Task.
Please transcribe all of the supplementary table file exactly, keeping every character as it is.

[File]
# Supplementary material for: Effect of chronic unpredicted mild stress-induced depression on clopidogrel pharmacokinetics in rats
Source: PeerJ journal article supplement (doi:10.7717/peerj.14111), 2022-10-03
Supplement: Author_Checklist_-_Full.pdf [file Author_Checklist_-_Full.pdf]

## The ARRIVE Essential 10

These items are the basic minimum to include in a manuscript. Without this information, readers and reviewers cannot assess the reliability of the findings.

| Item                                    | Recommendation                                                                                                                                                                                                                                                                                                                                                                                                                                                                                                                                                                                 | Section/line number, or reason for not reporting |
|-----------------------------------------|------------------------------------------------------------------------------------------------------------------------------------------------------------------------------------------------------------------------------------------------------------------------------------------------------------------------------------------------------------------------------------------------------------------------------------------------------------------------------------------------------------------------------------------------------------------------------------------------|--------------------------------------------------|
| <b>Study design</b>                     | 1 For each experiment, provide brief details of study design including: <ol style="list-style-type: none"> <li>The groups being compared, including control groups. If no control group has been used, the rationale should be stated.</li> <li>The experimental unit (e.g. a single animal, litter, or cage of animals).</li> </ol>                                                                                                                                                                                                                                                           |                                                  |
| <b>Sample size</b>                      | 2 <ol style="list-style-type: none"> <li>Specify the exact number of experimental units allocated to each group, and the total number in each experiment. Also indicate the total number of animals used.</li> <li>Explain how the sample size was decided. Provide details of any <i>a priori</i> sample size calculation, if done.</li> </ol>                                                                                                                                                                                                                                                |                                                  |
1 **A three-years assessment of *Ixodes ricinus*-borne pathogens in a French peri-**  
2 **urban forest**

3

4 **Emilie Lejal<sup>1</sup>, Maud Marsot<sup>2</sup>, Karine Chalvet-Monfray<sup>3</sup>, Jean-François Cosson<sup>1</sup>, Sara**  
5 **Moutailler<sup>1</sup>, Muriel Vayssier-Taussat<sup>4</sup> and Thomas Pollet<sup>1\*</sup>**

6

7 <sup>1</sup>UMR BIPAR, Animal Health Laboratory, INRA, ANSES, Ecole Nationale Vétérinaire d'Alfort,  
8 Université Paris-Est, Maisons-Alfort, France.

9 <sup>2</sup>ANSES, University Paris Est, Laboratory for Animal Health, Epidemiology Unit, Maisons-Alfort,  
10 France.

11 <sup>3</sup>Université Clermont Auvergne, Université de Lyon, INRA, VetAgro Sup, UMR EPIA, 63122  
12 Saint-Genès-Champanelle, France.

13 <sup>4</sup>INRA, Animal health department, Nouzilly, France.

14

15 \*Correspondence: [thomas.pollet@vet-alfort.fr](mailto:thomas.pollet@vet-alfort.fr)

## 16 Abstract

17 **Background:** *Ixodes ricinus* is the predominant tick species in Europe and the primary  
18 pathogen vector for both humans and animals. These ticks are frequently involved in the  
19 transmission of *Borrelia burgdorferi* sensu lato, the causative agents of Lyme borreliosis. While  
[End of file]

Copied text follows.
# Supplementary material for: Effect of chronic unpredicted mild stress-induced depression on clopidogrel pharmacokinetics in rats
Source: PeerJ journal article supplement (doi:10.7717/peerj.14111), 2022-10-03
Supplement: Author_Checklist_-_Full.pdf [file Author_Checklist_-_Full.pdf]

## The ARRIVE Essential 10

These items are the basic minimum to include in a manuscript. Without this information, readers and reviewers cannot assess the reliability of the findings.

| Item                                    | Recommendation                                                                                                                                                                                                                                                                                                                                                                                                                                                                                                                                                                                 | Section/line number, or reason for not reporting |
|-----------------------------------------|------------------------------------------------------------------------------------------------------------------------------------------------------------------------------------------------------------------------------------------------------------------------------------------------------------------------------------------------------------------------------------------------------------------------------------------------------------------------------------------------------------------------------------------------------------------------------------------------|--------------------------------------------------|
| <b>Study design</b>                     | 1 For each experiment, provide brief details of study design including: <ol style="list-style-type: none"> <li>The groups being compared, including control groups. If no control group has been used, the rationale should be stated.</li> <li>The experimental unit (e.g. a single animal, litter, or cage of animals).</li> </ol>                                                                                                                                                                                                                                                           |                                                  |
| <b>Sample size</b>                      | 2 <ol style="list-style-type: none"> <li>Specify the exact number of experimental units allocated to each group, and the total number in each experiment. Also indicate the total number of animals used.</li> <li>Explain how the sample size was decided. Provide details of any <i>a priori</i> sample size calculation, if done.</li> </ol>                                                                                                                                                                                                                                                |                                                  |
1 **A three-years assessment of *Ixodes ricinus*-borne pathogens in a French peri-**  
2 **urban forest**

3

4 **Emilie Lejal<sup>1</sup>, Maud Marsot<sup>2</sup>, Karine Chalvet-Monfray<sup>3</sup>, Jean-François Cosson<sup>1</sup>, Sara**  
5 **Moutailler<sup>1</sup>, Muriel Vayssier-Taussat<sup>4</sup> and Thomas Pollet<sup>1\*</sup>**

6

7 <sup>1</sup>UMR BIPAR, Animal Health Laboratory, INRA, ANSES, Ecole Nationale Vétérinaire d'Alfort,  
8 Université Paris-Est, Maisons-Alfort, France.

9 <sup>2</sup>ANSES, University Paris Est, Laboratory for Animal Health, Epidemiology Unit, Maisons-Alfort,  
10 France.

11 <sup>3</sup>Université Clermont Auvergne, Université de Lyon, INRA, VetAgro Sup, UMR EPIA, 63122  
12 Saint-Genès-Champanelle, France.

13 <sup>4</sup>INRA, Animal health department, Nouzilly, France.

14

15 \*Correspondence: [thomas.pollet@vet-alfort.fr](mailto:thomas.pollet@vet-alfort.fr)

## 16 Abstract

17 **Background:** *Ixodes ricinus* is the predominant tick species in Europe and the primary  
18 pathogen vector for both humans and animals. These ticks are frequently involved in the  
19 transmission of *Borrelia burgdorferi* sensu lato, the causative agents of Lyme borreliosis. While  